How we manage public access and wilderness values is one of the most enduring policy questions.
Management tools and challenges
The most powerful of the environmental statutes, the National Environmental
Policy Act of 1969 (NEPA), requires that the federal government consider the
environmental consequences of its actions. One of its most important provisions
requires the preparation of environmental impact statements. The regulations
adopted to enforce NEPA and other environmental laws not only increased the
requirement for public involvement during the consideration of proposed activities,
but also increased and changed the criteria that the agencies must evaluate.
The increasing involvement of the federal government in most aspects of daily life and commerce makes NEPA far-reaching in its authority. In the eastern states, the preponderance of private lands limits NEPAs jurisdiction with respect to many land uses. In western states, however, the statutes authority is virtually pervasive. The greater number of federally designated threatened and endangered species in the arid, wide open spaces a consequence of the watersheds that have become increasingly diminished and isolated in the last 10,000 to 12,000 years also tends to increase the criteria NEPA must address in the West.
The increasing cost, uncertainty and time required to provide permits for activities in compliance with these environmental statutes has led to calls for congressional action. Frustration with the slow pace of wildland fuel-reduction projects, backlogs in the renewal of grazing permits, and demands to accelerate oil and gas exploration, for example, have led to proposals that would limit the NEPA process in order to expedite these activities.
Perhaps the most comprehensive proposal under consideration, the administrations Healthy Forests initiative (and parallel legislation) seeks to expedite forest fire fuel-reduction activities by excluding them from a number of NEPA requirements. One provision would limit to two the number of alternative actions that must be considered under the NEPA process. Other provisions would limit the legal right to appeal agency decisions to those entities that have participated in the public process, and restrict the time allowed for the filing of those appeals.
Environmental advocates warn that limiting the alternatives that must be considered under NEPA gives an agency or the proponents of an action the ability to manipulate the process. By carefully selecting the scope of a few alternatives, proponents might be able to devise a process that gives preference to their desired action. If initiatives such as the Healthy Forest proposal prove successful in streamlining the permitting process and expediting fuel-reduction projects, we can expect demands for additional NEPA exclusions regarding projects judged to be of critical public interest.
Access and wilderness
Policies being developed to regulate the use of off-highway vehicles and grant
rights-of-way on public lands also have important implications for public access
and resource development. The dramatic increase in the use and impact of all-terrain
vehicles, motorcycles and mountain bikes on public lands has brought together
an unlikely coalition ranging from ranchers to environmentalists
demanding action on the issue. Some federal agencies are considering restricting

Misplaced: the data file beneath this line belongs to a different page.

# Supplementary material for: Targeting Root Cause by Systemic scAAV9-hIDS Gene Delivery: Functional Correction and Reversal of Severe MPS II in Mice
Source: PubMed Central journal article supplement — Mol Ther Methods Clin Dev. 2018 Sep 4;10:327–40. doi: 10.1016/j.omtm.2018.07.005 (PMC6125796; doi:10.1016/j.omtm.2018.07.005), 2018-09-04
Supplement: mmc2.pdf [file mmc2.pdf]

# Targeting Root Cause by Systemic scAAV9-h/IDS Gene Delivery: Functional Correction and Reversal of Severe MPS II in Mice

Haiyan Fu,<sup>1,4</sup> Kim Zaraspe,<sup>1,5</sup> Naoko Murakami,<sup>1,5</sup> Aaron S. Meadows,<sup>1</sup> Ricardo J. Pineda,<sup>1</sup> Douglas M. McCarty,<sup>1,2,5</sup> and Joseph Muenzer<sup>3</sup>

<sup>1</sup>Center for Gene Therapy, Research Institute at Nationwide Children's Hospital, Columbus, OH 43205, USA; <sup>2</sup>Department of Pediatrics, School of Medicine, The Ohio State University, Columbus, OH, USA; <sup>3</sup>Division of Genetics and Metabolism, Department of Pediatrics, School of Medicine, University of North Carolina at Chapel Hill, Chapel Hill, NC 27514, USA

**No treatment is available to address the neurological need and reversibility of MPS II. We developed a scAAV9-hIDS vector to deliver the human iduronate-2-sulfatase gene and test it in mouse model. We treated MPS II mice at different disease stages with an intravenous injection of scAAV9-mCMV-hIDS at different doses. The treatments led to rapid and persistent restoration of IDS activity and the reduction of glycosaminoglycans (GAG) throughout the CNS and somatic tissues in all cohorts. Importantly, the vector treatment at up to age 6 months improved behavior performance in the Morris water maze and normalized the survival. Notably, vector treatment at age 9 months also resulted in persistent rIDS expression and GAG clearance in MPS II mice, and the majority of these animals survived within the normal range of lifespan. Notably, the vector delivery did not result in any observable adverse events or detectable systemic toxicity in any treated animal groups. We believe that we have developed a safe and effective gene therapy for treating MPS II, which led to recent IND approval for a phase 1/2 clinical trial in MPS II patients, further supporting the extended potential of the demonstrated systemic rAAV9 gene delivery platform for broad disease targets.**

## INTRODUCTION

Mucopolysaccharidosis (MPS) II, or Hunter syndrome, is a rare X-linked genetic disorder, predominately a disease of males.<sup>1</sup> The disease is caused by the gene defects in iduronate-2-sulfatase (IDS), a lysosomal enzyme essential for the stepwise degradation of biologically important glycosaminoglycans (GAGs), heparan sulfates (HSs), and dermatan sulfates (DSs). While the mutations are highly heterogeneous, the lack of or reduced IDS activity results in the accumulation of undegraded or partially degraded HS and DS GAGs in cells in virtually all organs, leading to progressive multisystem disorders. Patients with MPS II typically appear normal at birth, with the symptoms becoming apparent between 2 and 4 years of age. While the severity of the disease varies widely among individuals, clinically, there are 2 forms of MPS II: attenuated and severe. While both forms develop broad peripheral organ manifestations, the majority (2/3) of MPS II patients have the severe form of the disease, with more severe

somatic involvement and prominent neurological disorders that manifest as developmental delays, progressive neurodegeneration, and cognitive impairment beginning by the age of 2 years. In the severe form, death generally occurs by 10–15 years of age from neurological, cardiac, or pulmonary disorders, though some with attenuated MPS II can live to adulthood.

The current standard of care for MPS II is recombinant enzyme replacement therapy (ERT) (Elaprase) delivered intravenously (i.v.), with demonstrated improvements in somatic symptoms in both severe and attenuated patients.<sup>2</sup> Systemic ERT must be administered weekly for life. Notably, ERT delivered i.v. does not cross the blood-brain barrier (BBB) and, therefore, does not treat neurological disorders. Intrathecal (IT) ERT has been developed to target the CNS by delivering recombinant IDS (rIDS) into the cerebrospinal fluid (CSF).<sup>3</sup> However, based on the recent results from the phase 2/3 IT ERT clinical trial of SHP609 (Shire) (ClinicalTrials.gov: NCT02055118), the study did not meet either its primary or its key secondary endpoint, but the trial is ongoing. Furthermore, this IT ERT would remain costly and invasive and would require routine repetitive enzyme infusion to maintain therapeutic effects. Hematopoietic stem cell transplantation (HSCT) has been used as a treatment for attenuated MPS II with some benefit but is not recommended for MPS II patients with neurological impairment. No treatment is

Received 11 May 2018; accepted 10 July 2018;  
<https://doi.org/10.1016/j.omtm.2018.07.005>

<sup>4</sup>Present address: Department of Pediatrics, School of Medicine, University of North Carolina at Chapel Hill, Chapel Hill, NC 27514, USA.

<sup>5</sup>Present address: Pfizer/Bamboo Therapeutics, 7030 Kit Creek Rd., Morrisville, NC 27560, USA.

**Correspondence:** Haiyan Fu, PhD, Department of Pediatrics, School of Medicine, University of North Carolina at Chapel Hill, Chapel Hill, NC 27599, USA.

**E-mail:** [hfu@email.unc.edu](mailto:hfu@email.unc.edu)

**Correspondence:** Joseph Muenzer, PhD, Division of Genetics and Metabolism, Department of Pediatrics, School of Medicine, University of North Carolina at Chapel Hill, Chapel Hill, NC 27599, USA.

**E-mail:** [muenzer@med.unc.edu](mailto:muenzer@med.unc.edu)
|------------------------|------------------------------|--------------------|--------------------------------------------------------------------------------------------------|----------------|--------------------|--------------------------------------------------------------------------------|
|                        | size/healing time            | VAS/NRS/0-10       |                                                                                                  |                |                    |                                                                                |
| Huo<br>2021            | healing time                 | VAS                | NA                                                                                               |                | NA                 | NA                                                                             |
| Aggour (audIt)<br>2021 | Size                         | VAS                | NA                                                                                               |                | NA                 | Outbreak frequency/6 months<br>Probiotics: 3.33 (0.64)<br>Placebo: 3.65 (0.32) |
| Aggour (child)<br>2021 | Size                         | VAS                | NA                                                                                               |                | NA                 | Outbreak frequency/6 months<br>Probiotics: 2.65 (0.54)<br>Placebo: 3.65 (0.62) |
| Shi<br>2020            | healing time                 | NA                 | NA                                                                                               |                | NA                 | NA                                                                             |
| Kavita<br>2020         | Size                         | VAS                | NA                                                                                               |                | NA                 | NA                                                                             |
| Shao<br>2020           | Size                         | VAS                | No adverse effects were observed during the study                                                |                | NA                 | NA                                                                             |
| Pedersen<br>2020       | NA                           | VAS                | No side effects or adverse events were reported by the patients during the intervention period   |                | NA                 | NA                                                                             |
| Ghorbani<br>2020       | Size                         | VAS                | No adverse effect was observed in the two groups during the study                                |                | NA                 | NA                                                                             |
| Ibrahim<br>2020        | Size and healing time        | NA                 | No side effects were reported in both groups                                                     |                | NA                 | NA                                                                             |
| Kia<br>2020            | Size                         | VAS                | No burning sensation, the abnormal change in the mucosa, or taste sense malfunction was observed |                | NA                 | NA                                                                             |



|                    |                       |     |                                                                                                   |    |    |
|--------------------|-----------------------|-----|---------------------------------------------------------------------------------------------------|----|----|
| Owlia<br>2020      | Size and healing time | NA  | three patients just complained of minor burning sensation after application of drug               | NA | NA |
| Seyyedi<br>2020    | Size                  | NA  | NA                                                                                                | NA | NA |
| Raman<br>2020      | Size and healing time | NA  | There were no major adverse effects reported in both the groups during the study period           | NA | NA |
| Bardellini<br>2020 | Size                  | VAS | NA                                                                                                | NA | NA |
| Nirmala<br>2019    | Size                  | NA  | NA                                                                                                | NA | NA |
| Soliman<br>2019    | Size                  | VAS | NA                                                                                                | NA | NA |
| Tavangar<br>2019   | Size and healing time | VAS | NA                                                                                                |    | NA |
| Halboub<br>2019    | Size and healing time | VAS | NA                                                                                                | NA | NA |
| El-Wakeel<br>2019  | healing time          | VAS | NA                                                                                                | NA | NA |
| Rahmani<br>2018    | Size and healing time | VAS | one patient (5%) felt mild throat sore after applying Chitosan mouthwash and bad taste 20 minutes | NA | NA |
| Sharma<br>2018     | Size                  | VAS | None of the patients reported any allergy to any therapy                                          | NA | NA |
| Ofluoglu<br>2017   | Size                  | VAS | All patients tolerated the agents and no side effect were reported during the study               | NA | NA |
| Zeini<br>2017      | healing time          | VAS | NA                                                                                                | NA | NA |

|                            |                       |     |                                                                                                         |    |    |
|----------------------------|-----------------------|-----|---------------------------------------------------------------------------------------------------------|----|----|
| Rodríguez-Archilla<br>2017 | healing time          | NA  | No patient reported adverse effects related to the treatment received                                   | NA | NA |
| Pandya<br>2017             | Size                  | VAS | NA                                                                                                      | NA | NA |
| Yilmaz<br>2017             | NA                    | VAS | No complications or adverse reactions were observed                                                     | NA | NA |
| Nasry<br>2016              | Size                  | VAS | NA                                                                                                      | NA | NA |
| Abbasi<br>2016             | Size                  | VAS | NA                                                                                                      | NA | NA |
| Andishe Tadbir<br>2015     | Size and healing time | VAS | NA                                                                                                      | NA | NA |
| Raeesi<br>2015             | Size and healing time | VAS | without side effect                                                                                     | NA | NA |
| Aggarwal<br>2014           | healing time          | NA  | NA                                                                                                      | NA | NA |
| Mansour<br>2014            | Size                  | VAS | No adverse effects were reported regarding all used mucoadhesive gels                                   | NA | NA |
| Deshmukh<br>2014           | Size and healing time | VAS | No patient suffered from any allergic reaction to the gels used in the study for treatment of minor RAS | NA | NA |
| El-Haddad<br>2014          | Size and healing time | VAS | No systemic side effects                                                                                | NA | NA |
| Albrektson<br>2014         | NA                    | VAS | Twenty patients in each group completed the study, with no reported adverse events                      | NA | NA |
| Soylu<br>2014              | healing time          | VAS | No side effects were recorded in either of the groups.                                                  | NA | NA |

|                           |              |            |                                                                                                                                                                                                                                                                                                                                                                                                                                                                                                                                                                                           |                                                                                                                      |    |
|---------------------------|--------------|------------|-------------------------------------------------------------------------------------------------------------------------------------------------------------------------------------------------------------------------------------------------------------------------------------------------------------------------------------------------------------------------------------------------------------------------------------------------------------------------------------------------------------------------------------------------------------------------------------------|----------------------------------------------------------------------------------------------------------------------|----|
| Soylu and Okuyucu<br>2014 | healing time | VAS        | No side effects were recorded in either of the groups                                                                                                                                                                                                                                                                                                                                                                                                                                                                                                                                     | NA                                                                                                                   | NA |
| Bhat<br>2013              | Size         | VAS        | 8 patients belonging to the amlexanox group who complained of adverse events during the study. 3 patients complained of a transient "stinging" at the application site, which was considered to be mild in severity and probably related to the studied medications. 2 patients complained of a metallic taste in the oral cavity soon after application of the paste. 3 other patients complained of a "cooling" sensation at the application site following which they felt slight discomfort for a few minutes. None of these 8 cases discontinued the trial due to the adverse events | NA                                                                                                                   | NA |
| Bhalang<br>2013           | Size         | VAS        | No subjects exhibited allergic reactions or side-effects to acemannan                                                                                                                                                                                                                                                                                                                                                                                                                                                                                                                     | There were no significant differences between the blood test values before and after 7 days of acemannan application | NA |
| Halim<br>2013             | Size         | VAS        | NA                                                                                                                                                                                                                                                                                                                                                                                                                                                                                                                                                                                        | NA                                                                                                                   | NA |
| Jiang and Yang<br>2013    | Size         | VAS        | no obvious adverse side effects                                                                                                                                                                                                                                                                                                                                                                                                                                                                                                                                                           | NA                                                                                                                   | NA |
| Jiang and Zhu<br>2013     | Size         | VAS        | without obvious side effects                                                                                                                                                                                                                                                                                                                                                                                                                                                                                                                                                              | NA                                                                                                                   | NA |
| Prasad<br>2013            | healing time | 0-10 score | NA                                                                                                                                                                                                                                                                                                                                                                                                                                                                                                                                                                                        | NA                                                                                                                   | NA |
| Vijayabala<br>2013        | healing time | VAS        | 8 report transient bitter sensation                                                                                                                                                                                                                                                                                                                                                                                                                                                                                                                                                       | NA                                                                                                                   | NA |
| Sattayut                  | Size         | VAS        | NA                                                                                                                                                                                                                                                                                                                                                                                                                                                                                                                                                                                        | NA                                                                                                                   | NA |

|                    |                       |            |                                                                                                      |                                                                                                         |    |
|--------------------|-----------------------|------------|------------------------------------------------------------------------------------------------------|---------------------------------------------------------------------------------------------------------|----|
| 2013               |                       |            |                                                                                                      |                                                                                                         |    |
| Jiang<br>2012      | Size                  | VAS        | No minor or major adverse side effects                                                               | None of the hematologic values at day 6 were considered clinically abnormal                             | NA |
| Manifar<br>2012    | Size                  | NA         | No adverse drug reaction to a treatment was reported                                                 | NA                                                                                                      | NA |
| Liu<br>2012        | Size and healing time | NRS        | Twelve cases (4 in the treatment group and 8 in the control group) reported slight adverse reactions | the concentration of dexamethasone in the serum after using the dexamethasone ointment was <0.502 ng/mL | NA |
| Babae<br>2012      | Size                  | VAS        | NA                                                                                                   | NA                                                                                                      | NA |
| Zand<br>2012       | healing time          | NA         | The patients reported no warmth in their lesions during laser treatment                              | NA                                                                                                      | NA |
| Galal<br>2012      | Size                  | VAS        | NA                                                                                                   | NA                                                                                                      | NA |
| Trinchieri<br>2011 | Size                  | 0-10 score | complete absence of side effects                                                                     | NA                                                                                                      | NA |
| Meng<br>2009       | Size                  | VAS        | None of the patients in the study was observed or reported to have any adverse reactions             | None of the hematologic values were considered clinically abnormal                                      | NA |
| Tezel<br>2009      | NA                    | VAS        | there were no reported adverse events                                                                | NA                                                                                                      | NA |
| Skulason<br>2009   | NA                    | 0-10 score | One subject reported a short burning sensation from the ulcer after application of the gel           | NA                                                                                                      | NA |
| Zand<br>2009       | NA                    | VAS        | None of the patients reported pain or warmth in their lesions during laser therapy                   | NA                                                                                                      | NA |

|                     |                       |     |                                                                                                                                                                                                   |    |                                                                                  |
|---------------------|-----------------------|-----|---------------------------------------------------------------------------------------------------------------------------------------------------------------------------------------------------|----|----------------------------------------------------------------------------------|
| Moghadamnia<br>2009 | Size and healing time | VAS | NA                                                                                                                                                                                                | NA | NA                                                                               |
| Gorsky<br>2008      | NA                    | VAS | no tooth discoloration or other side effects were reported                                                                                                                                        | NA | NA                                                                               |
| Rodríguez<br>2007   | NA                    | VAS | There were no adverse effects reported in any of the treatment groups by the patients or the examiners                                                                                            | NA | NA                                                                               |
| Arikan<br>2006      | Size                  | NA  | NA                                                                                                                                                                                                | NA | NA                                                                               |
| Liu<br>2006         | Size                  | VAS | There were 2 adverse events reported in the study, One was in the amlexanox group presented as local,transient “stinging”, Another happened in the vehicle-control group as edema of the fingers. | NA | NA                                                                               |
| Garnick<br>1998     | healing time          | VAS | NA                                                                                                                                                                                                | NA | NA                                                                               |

the use of off-highway vehicles to specific areas; others are considering excluding
all vehicular access to some lands through wilderness designation or other regulatory
Early this year, the administration issued regulations governing the ability of state and local governments to assert ownership of roads and rights-of-way established on federal lands prior to 1976. Referred to as RS-2477 (for revised statute 2477), this rule featured prominently when the state of Utah and the federal government announced a settlement that reversed President Clintons executive order establishing 2.6 million acres of wilderness in Utah. Rights-of-way granted under the terms of this settlement could provide conduits for new natural gas pipelines and electrical transmission lines. Environmental advocates are unhappy with the reversal, and worry that a host of RS-2477 claims will generate a road network that subdivides withdrawn lands and limits the preservation afforded by wilderness designations.
Adding fuel to the fire, just a few weeks ago BLM determined that only those lands already identified as wilderness study areas (WSAs) would be considered for future wilderness designation. This action upset environmental activists, who assert that the mapping undertaken when most WSAs were identified 20 years ago was inadequate. Even so, the future of the existing WSAs is uncertain. In Nevada alone, despite recent legislation that finalized wilderness designations in the southern part of the state, the status of 83 WSAs remains to be determined. With Congress generally deadlocked on the issue of wilderness designations, policies regarding public access are sure to generate controversy, particularly as they exert important influences on energy and resource development.
How we manage public access and wilderness values is one of the most enduring policy questions one which affects the management of both resource development and the wildland-urban interface. Not all of these debates will prove as controversial as, say, drilling in the Arctic National Wildlife Reserve. But the involvement of well-informed geoscientists will be critical to helping inform the discussions and provide possible solutions.